The procession shown here passed by during my first hour in Cuzco. My husband and I were having a quick lunch on a balcony overlooking the main square when we heard music and spotted the crowd. David encouraged me to run down to the square, where I took this picture and video.//www.youtube.com/get_player
Cuzco’s main square is one of the prettiest I’ve seen, and I try to spend a good part of my travels hanging around plazas in the Americas. Cuzco benefited from a 16th century battle between Jesuits and the archbishop of Cuzco. The Jesuits made their church so grand that the archbishop appealed to the pope, trying to get the Jesuits to knock it off. The archbishop got the ruling he wanted from the pope, but by then, much of the work had been done on the Jesuit’s church, or so the guide books say. The cathedral is shown on the left below and the Jesuit church on the right.
Garcilaso de la Vega
, shown here, lived what sounds like an extraordinary life. He was born in Cuzco in 1539, about six years after the Spanish toppled the Incas. His father was a conquistador and his mother a descendant of Incas. Garcilaso
grew up speaking Spanish and the Inca language, Quechua. Around 20, he got an inheritance and headed off to Spain, where he’d spend the rest of his life. His Comentarios Reales de los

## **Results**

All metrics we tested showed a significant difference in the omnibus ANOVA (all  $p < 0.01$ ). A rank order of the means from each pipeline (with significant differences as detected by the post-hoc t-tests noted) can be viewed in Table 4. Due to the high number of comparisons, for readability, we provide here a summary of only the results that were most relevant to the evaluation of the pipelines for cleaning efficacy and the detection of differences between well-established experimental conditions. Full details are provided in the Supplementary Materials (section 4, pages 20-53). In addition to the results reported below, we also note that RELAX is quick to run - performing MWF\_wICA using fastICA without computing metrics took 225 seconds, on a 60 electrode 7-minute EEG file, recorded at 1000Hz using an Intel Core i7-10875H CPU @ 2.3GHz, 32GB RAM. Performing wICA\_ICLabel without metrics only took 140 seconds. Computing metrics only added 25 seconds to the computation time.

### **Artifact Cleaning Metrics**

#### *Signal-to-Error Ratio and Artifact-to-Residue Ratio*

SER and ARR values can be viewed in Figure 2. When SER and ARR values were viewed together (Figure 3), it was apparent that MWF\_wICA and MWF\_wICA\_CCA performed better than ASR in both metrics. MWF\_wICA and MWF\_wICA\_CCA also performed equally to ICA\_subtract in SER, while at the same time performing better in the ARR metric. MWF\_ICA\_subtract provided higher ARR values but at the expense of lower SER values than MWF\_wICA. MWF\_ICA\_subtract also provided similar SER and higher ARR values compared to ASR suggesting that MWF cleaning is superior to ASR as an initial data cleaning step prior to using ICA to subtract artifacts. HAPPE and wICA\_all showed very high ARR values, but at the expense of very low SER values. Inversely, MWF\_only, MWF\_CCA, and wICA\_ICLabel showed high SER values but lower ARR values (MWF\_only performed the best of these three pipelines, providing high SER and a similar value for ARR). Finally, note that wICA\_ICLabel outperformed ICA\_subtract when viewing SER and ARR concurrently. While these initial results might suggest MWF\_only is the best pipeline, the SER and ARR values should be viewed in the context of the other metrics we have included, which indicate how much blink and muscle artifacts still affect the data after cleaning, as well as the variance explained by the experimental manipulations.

Incas told about the Incas before and then during the conquest.
Think of what Garcilaso de le
Vega saw. He grew up in the fading but probably still spectacular Cuzco. While the Inca Empire had a heyday
of only about a century before the Spanish arrived, it produced some of the world’s best art, especially its textiles. Garcilaso de
la Vega then heads off to Spain, where centuries of Moorish occupation had left some of the most beautiful buildings of the time. He’s supposed to have died in Cordoba, which to this day has at least the remains of one of the world’s most beautiful mosques, the Mezquita
And there’s a bit of a twist to his life story, at least seen through modern eyes. Garcilaso de la Vega served with Spanish forces that put down a revolt by Christianized Moors in the mountains not far from Granada. Here’s a man whose writings protected the memory of the Incas, fighting against another set of people conquered by Catholic Spain. Quite a puzzle for 21rst century sensibilities.